* LSA will be required to have a transponder to fly within Class B and Class C airspace, and the Class B "Mode C veil."

*LSA must comply with FAR 91.213 (Inoperative Equipment) also known as the "Minimum Equipment List." This means that if you're on a cross-country flight and your tachometer breaks, you cannot fly home until it's fixed.


The two-seat ultralight Exemption for ultralight training will expire on January 31, 2008. After then, ultralight BFIs and AFIs will cease to exist.

* All "fat" single seat ultralights and all two-seat ultralight trainers must be FAA inspected and converted to "experimental" LSA by August 31, 2007. (Apparently, if an ultralight trainer is not converted by August 31, 2007 it may still be used as an ultralight trainer until January 31, 2008, after which it must be junked.)

* After an ultralight trainer is converted to an experimental LSA a Sport Pilot Instructor may use the converted experimental LSA as a Sport Pilot trainer (for compensation) until September 1, 2009.

* An ultralight pilot must register with a national ultralight organization (ASC, EAA, USUA) by September 1, 2004 if he wants to have his ultralight flight time to count toward his sport pilot license. He must then take his Sport Pilot practical test by January 31, 2007.

* Prospective LSA examiners who inspect and issue experimental LSA airworthiness certificates (DPEs) must attend a three-day FAA course.


Prospective Sport Pilot Examiners must attend a 5-day FAA course.

* Sport pilot instructors must have 150 hours of flight time.

* A sport pilot must be at least 17 years old, an Sport Pilot instructor 18 years.

* This an abbreviated summary of the minimum required flight experience to be a sport pilot:

* Airplane                                     20 hours total, 75 mile solo cross country
* Glider                                                     10 hours total
* Gyroplane                                  20 hours total, 50 mile solo cross country
* Powered parachute      12 hours total, 10 mile solo cross country
* Weight shift (trike)        20 hours total, 50 miles solo cross country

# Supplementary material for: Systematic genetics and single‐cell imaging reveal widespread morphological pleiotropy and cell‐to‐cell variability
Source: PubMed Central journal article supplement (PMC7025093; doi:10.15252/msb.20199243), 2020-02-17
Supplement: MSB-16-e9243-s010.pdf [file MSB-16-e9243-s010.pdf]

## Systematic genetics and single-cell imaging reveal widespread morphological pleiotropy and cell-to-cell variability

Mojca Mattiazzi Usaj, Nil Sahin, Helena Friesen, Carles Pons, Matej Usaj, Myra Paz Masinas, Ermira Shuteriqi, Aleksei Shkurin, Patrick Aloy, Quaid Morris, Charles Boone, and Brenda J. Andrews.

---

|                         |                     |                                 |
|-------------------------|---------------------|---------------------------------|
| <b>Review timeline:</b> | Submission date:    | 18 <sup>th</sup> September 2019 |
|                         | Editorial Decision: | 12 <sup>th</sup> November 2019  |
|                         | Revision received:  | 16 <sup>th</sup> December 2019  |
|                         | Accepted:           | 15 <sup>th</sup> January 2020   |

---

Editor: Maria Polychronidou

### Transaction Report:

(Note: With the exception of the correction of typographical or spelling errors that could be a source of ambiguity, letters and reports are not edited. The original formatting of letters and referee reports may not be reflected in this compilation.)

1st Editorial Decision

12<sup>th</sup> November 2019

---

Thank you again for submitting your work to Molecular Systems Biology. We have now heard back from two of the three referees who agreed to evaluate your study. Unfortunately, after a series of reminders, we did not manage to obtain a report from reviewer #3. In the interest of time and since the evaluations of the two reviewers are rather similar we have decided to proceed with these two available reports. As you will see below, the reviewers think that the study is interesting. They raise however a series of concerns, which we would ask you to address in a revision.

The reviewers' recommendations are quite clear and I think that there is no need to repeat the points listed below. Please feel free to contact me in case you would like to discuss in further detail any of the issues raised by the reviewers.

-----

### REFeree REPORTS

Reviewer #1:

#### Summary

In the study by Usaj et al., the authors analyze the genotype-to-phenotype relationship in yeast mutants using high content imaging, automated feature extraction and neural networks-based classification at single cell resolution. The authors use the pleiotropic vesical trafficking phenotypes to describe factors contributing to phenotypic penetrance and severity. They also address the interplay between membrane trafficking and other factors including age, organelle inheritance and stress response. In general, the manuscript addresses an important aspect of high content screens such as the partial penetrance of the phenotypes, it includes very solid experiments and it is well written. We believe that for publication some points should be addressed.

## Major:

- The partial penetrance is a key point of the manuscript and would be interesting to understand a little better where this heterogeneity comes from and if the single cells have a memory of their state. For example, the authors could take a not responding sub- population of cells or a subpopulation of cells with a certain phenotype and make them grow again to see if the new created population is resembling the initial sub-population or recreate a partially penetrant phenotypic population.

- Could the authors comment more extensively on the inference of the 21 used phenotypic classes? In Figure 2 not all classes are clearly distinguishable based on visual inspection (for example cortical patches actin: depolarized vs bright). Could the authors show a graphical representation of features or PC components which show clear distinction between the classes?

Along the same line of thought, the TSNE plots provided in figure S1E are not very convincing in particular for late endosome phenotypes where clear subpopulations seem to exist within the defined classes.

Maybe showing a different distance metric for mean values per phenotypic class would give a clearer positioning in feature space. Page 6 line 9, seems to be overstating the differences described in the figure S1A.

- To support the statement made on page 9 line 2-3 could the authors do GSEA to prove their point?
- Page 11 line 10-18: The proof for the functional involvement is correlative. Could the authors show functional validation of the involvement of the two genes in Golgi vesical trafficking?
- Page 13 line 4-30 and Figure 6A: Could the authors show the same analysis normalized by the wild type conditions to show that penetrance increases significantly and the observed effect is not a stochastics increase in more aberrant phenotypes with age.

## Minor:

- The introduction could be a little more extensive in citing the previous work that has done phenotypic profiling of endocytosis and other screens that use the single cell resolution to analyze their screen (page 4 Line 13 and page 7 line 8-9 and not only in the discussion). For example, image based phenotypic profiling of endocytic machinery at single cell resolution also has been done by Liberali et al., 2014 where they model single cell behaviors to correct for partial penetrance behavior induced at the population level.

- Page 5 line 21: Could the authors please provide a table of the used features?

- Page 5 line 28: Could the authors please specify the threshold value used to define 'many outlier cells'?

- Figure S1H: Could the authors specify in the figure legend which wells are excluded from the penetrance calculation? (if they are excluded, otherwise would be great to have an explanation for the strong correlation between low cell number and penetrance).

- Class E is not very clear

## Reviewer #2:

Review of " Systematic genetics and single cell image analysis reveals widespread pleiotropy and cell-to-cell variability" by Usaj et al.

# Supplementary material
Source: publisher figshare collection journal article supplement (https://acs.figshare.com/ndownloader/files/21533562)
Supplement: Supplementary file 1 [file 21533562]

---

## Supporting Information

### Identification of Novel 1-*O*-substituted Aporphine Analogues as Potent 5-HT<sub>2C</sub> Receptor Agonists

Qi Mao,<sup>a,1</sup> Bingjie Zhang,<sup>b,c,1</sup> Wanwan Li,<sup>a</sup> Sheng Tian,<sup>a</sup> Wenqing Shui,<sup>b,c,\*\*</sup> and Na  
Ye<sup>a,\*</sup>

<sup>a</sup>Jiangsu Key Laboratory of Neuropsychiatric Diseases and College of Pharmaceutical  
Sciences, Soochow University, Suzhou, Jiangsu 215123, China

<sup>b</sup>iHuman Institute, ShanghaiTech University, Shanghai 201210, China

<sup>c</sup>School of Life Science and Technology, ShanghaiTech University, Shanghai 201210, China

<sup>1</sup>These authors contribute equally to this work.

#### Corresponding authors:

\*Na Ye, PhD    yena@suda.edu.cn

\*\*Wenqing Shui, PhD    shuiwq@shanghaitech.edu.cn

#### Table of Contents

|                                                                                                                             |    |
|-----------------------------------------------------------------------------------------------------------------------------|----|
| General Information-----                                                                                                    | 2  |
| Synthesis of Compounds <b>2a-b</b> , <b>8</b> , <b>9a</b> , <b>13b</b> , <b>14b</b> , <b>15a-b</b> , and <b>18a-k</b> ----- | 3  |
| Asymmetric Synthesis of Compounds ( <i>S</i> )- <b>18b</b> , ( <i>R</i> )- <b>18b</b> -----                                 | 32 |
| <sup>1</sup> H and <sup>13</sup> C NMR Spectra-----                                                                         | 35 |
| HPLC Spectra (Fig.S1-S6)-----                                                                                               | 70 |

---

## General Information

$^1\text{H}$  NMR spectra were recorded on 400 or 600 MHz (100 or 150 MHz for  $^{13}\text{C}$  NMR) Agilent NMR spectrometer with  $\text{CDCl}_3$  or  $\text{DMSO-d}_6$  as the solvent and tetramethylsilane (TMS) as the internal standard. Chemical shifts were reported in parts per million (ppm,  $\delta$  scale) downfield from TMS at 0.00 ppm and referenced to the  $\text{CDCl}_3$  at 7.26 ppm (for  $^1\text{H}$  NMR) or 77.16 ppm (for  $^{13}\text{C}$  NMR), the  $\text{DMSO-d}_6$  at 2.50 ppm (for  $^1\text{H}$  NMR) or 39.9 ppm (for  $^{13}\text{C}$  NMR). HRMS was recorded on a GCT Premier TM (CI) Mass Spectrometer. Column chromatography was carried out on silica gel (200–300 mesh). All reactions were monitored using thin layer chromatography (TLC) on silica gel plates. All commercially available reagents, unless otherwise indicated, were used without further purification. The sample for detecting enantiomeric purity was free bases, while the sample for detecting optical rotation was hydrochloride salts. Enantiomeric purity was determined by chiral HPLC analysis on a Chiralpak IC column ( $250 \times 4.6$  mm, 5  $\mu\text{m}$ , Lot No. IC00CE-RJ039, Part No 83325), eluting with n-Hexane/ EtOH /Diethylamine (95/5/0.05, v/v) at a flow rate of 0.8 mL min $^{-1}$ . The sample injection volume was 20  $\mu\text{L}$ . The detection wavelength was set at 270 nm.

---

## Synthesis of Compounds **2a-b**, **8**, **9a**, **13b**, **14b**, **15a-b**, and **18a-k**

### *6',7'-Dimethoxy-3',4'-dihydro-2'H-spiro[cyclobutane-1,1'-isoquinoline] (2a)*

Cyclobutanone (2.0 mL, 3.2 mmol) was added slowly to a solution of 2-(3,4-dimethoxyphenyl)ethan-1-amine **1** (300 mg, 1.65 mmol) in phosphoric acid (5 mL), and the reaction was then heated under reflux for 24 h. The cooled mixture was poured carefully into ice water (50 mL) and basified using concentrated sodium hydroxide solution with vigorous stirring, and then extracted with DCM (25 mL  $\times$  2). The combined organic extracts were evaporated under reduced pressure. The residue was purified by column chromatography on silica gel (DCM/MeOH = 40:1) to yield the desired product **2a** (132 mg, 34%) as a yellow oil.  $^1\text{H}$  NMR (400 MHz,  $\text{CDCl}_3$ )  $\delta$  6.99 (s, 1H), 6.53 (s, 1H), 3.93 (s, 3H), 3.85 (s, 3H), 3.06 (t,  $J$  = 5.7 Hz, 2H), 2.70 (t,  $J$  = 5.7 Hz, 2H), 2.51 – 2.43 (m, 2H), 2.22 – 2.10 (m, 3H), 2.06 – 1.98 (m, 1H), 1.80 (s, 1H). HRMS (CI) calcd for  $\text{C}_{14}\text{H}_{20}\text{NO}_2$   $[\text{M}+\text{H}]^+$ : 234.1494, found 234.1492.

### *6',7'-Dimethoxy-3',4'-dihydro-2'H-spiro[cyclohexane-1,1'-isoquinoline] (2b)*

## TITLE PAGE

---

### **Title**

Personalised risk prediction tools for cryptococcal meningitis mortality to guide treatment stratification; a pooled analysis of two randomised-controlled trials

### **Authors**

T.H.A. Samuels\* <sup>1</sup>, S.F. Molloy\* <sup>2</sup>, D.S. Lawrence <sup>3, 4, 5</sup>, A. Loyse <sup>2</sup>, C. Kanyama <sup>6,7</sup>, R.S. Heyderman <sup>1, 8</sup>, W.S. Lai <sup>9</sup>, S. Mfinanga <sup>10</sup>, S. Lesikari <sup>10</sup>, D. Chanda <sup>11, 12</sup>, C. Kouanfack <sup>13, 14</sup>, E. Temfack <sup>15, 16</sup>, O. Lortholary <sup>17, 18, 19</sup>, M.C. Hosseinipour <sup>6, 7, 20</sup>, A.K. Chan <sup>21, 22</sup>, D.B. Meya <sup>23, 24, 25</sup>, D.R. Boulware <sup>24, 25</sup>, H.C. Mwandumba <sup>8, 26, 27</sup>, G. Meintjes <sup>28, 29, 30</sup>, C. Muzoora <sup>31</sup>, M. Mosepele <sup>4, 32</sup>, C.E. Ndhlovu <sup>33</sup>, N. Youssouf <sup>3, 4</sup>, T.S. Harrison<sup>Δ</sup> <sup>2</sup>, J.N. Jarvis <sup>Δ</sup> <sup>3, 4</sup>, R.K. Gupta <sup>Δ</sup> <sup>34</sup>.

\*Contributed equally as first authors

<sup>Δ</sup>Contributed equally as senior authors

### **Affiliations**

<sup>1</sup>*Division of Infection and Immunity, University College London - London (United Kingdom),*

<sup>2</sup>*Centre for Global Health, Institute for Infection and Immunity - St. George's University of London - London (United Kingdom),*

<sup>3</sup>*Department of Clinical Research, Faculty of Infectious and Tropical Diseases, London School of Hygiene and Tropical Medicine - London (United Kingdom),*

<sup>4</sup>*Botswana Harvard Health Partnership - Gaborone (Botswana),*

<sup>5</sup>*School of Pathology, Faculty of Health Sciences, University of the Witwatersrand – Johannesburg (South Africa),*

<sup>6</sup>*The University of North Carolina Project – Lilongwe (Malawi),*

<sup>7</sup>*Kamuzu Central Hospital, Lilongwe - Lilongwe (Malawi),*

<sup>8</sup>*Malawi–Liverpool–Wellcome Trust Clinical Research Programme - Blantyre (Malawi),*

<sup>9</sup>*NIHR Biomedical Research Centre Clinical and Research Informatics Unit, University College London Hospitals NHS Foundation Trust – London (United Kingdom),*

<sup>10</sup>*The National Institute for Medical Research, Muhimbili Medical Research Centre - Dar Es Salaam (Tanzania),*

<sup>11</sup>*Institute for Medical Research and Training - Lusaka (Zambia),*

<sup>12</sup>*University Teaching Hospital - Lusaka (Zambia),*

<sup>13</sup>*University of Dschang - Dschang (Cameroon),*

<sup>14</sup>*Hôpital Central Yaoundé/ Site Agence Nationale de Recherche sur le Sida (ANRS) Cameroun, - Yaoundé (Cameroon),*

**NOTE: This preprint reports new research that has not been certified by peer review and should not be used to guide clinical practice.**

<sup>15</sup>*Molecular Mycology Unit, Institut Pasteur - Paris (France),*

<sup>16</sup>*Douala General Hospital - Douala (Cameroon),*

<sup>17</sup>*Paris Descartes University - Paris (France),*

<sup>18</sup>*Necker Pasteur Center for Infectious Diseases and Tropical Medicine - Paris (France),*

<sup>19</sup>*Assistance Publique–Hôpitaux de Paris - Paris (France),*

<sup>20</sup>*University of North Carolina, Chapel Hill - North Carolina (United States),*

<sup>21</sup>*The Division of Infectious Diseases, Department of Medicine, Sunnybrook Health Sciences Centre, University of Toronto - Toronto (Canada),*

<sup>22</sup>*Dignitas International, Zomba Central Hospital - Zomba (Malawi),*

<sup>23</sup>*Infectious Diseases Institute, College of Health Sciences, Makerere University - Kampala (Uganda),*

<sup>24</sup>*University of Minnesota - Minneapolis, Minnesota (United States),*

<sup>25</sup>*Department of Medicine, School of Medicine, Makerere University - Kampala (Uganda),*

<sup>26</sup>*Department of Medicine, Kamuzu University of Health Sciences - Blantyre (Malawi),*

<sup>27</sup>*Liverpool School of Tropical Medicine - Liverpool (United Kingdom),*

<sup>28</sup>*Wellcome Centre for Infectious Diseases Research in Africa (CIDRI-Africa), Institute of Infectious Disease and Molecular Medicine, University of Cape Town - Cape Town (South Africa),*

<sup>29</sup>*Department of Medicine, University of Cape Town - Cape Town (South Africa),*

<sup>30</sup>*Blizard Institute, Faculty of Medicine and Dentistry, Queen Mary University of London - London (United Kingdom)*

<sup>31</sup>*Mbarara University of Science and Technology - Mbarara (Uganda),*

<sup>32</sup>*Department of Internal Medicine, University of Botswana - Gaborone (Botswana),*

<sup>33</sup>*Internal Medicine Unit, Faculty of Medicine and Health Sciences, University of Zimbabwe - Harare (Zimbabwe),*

* This an abbreviated summary of the minimum required flight experience to be a private pilot weight shift or powered parachute:

* Powered parachute:: 25 hours total, including 3 hours of night flight, and a 25 mile solo cross country
* Weight-shift: 40 hours total, including 3 hours of night flying with a 75 mile night cross country, and a 100 mile solo cross country

* Summary of sport pilot instructor requirements:

--18 years of age
--Knowledge exams on aeronautics and fundamental of instruction
--Practical test
--Have a sport pilot certificate or higher rating. A sport pilot instructor may teach private pilot weight-shift or private pilot powered parachute if the sport pilot instructor has at least a  private pilot rating himself.
--Required flight time:

       150 hours total time,
       25 hours of cross country time
       25 hours flight time
       125 hours flight time (at least 50 hours in a gyroplane)
       10 hours cross country
       150 hours total (50 in weight-shift,)
       25 hours cross country
 Powered parachute: 100 hours total (50 in a powered parachute,)
       15 hours cross country

--5 hours in the same make and model "set"
--The sport pilot instructor must renew his instructor's certificate every two years, just as a general aviation instructor must do
--an ultralight instructor must transition to sport pilot instructor by January 31, 2008 if he wants credit for his ultralight flight time


In the original Sport Pilot NPRM the FAA estimated the cost of implementing Sport Pilot (to the government and to the pilot community) to be $40.3 million dollars. After the OMB said that the FAA's economic figures were hogwash, the FAA went back to the ouiji board and revised their estimate of the cost of Sport Pilot to $221 million!

Deadlines to remember:

September 1, 2004

Effective date of the Sport Pilot rule. Deadline for an ultralight pilot to register with a national ultralight organization in order to have his ultralight flight time count toward his sport pilot certificate

August 31, 2005

Deadline for recreational pilots and higher rated pilots to acquire the necessary flight time to apply for a category and class rating limited to a specific make and model of experimental aircraft

January 31, 2007

Deadline for an ultralight pilot to take his sport pilot practical test if he wants his ultralight flight time to count toward his required sport pilot flight experience

August 31, 2007

Last day that an experimental certificate will be issued to a "fat" ultralight or two-seat trainer

January 31, 2008

Deadline for an ultralight instructor to take the practical test for sport pilot instructor and still receive credit for his ultralight instructing experience

January 31, 2008

Ultralight two-seat training exemption expires

September 1, 2009

Last day to be able to use an ultralight converted to an experimental LSA as a sport pilot trainer for compensation

Send mail to info@nappf.com with questions or comments about this web site.
Copyright 2001 North American Powered Parachute Federation
Last modified: 07/23/09